Sermons That Work

Ash Wednesday Marks the Beginning…, Ash Wednesday – 2003

March 05, 2003

Ash Wednesday marks the beginning of Lent. On “Fat Tuesday,” or Shrove Tuesday, we (at least symbolically!) use up all the rich foods in our houses to ready ourselves for a time of fasting and preparation. On Ash Wednesday, we are invited “in the name of the Church, to the observance of a holy Lent, by self-examination and repentance, by prayer, fasting, and self-denial; . . .” (BCP, p. 265)

The Ash Wednesday liturgy is powerful, and can be quite moving even under normal circumstances. But for those who have been faced with some kind of life-changing experience, a life-threatening illness or accident, the Ash Wednesday service can be startling. Watching the priest mark the sign of the cross with ashes, especially on a baby’s forehead, can be disturbing, even shocking. “You are dust and to dust you shall return.” It can be a little too close to one’s own experiences and fears for comfort. And it can be far too close to the truth when the priest makes the sign of the cross on our own foreheads and speaks those words.

But Ash Wednesday, of course, is not about comfort. Some people think it is too negative and they stay away from church that day — too maudlin, too self-absorbed, too depressing. Who wants to walk around with a smudge of ashes on their forehead? And who wants to think about death, anyway? And then there’s Lent — again, too negative, too depressing, too serious, too much of a focus on sin. Why can’t we just be positive, people ask. Why can’t we just talk about the good things, the happy things? Why all this focus on sin and negativity? Why can’t we just go straight to Easter?

Most people who’ve had some life experience under their belts realize that the human experience is full of risk and full of trade-offs; that life is full of good and bad, happy and sad. They know that the good things don’t come without some cost, without some sacrifice at times, without at least some hard work. And they understand that life and death are part of the cycle of our human existence.

In Matthew’s Gospel for today, Jesus tells his listeners not to get caught up in trivial pursuits, but to focus on the important things, on right relationship with God. The prophet Isaiah declares, “Is this not the fast I choose, to loose the bonds of injustice, to undo the thongs of the yoke, to let the oppressed go free . . . ” In the Gospel, Jesus goes on to say that, “where your treasure is, there your heart will be also.” These are all ways of telling us to pay attention.

Ash Wednesday and the liturgy of this day, can evoke for us reminders of the things that are important. But it is not an easy message — it reminds us that we must be focused, that we must make choices, that we really can’t go through life on automatic pilot. The message will be heard repeatedly during Lent, through the scripture stories we read, and through the liturgies of Holy Week, as we walk again that last week with Jesus-that last week of grueling choices.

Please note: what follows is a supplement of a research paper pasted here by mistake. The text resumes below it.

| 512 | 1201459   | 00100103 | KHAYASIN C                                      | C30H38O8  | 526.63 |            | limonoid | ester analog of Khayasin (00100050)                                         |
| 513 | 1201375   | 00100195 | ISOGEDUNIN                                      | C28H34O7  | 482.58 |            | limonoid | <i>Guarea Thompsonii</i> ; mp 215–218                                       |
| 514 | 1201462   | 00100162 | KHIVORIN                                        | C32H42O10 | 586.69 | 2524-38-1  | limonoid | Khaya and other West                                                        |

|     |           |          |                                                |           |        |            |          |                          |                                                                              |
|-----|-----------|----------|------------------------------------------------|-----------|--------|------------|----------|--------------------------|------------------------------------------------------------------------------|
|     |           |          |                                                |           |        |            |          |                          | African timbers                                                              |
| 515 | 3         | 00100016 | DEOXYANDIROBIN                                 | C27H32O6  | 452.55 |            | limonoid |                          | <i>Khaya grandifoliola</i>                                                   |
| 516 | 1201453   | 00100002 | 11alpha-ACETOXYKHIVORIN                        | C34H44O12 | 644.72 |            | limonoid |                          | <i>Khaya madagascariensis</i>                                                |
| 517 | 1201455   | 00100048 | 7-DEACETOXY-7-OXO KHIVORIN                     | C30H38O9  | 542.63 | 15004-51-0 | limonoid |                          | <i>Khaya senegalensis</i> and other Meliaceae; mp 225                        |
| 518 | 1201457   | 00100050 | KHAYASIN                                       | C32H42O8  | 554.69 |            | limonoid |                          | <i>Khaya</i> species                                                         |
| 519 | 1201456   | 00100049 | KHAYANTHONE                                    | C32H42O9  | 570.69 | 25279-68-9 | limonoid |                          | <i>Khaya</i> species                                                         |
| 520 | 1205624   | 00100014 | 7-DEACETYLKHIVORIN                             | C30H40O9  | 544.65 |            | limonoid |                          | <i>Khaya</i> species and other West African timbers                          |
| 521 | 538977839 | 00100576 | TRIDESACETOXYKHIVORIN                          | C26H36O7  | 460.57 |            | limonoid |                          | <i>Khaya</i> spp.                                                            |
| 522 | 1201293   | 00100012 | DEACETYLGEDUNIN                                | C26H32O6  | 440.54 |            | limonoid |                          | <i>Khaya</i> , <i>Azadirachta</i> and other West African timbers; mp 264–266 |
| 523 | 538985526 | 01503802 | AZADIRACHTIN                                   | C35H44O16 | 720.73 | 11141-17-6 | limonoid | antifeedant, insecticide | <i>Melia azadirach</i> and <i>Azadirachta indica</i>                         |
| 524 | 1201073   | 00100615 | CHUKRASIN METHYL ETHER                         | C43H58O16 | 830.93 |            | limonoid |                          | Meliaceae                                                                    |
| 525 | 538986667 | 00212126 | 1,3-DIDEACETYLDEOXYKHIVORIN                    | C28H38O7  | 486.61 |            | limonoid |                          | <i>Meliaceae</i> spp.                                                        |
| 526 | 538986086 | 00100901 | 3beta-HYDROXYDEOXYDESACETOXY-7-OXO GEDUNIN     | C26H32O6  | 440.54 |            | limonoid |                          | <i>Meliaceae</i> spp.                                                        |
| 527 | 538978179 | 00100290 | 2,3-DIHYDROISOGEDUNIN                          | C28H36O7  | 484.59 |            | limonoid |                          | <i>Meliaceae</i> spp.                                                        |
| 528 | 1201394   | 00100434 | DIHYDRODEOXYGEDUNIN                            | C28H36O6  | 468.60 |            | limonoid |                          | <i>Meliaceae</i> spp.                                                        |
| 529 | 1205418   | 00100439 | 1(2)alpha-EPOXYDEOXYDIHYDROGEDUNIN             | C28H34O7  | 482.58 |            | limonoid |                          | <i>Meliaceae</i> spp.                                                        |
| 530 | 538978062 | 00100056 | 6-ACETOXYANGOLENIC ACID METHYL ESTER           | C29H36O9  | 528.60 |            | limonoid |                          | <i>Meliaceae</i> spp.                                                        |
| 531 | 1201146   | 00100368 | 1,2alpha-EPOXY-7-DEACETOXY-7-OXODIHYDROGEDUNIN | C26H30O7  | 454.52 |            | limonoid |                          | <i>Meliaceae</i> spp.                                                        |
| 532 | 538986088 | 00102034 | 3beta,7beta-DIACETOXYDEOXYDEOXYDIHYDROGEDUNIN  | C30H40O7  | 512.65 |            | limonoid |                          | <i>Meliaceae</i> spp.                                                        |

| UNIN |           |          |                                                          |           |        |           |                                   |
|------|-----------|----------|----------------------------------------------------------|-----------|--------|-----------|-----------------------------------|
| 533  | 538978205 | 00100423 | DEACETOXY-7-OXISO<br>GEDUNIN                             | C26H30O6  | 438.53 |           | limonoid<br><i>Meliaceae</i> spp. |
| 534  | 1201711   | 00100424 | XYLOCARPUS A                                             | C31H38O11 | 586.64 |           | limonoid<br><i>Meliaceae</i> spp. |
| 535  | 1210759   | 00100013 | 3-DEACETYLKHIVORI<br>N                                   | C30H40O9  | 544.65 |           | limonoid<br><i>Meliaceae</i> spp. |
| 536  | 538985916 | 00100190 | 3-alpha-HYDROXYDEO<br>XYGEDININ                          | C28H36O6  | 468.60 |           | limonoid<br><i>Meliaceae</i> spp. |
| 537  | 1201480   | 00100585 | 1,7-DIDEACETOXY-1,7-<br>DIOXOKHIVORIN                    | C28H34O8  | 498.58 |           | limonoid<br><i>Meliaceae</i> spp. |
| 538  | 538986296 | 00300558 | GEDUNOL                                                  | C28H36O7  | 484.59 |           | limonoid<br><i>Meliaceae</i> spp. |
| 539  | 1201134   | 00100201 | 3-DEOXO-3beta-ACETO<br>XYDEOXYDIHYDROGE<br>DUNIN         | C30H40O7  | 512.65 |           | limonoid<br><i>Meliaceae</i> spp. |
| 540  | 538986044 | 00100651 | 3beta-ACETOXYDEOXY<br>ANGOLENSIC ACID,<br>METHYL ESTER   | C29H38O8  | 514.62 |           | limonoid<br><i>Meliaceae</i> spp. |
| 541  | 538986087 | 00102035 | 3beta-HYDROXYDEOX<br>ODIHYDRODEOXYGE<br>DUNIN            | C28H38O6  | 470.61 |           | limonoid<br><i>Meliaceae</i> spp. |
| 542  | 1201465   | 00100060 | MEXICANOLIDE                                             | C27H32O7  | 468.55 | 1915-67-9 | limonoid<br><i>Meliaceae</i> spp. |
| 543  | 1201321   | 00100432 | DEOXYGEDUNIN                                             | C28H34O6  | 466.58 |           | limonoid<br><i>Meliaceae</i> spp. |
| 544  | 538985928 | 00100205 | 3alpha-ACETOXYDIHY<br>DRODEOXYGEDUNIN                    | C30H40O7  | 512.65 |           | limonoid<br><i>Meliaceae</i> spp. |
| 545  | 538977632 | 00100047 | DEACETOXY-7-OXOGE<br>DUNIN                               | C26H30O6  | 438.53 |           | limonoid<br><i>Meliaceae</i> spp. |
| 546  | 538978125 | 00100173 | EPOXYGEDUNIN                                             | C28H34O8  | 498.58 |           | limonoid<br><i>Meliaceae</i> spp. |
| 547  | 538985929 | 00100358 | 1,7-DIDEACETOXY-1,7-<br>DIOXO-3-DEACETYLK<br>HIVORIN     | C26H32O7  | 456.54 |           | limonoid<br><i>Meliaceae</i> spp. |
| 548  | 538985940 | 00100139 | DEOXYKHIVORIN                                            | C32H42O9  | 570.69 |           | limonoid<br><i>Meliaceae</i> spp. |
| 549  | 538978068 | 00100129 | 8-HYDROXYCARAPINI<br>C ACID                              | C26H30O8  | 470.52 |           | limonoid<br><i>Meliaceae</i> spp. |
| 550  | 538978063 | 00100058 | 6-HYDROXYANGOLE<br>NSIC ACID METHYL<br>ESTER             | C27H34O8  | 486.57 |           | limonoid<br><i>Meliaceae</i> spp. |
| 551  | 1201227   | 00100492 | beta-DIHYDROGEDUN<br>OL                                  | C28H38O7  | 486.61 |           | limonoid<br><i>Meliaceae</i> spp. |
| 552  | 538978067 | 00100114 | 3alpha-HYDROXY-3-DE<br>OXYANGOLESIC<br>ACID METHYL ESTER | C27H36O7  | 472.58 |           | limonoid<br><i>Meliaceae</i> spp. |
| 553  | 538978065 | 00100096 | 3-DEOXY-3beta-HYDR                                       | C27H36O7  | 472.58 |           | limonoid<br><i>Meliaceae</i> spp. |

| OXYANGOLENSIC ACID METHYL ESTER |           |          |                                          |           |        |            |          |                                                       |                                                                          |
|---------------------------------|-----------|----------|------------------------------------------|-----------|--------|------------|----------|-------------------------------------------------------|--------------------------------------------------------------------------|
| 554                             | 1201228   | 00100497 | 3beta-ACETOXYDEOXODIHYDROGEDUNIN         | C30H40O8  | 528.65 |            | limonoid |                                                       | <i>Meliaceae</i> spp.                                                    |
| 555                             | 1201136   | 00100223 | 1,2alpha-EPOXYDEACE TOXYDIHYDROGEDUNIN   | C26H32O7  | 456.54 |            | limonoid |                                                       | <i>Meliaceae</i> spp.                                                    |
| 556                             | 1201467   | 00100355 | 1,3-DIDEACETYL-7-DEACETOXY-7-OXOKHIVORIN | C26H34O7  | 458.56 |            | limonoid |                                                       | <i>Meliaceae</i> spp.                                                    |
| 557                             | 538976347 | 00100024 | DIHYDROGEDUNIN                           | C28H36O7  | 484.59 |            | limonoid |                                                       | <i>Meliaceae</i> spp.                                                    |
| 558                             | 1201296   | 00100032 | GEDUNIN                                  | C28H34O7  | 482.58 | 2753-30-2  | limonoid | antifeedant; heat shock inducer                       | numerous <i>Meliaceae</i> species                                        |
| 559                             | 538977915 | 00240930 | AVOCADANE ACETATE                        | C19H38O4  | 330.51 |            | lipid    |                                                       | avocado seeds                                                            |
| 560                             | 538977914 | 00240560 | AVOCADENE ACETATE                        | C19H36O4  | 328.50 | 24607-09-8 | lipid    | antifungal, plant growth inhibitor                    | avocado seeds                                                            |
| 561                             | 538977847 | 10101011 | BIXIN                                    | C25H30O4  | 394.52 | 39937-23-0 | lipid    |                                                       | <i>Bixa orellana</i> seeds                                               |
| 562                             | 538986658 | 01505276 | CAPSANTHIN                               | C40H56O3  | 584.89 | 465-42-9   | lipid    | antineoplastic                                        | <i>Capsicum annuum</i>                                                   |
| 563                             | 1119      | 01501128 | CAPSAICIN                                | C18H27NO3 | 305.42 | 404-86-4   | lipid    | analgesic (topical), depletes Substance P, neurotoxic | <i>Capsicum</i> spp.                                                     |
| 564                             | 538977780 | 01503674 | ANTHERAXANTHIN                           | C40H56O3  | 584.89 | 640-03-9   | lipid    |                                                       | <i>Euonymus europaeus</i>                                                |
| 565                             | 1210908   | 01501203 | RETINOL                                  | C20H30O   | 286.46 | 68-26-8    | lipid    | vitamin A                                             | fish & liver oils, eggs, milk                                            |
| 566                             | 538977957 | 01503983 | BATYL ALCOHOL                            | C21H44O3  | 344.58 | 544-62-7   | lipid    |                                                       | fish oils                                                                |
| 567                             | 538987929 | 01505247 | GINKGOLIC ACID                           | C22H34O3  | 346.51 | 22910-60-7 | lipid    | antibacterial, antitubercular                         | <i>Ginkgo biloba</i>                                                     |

In our culture, we still have a strong tendency to deny death, even while our media and entertainment are full of images of violence and death. But we don’t want to think about the reality of it, we don’t want to talk about it, we don’t want to acknowledge it. However, as most traditions tell us — including our own — we miss something deep, and rich, and important when we try to ignore the fact that we will die. The Buddhist tradition teaches that we should live each day as if it were our last. This is an admittedly difficult practice, but it teaches us where our priorities are — where our treasure is. That’s one thing that those facing life-threatening illnesses learn the hard way — once you have stood on the brink, things never look the same again. What is important in your life becomes a little clearer — it’s easier to brush aside the trivial things that consume the precious time you have left, however little or much time that might be.

Living in the present moment is an ancient Christian practice, one common to many faith and wisdom traditions. This is the point of today’s Gospel — to know where our treasure is, to understand what is important. It is the awareness of the gift of life, the gift of time, the gift of love. There is no time to waste, and Ash Wednesday reminds us of this. It is a day that calls us back to our human-ness, our mortality, our finiteness. It reminds us of how important it is to know where our treasure is, where our hearts are. Often when we read this Gospel, when we hear this verse about treasure, we tend to think of it as money and possessions. But treasure is also time and people and our lives and our relationship with God — and not only this precious life we have now, but also what we anticipate in the life to come.

Ash Wednesday tells us to not take a moment of this time for granted — to live and love to the fullest, to treasure this precious world, to treasure those we love and those who love us, to treat this precious earth and these precious people with tenderness and respect. As the old saying goes, the past is gone, and the future has not yet come to pass — this present moment is all we have. This moment. Ash Wednesday and the season of Lent tell us to pay attention to the present moment. And to realize that it can all be gone in a heartbeat. It can all be gone in the time it takes to trace the sign of the cross on a child’s forehead.

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Christopher Sikkema


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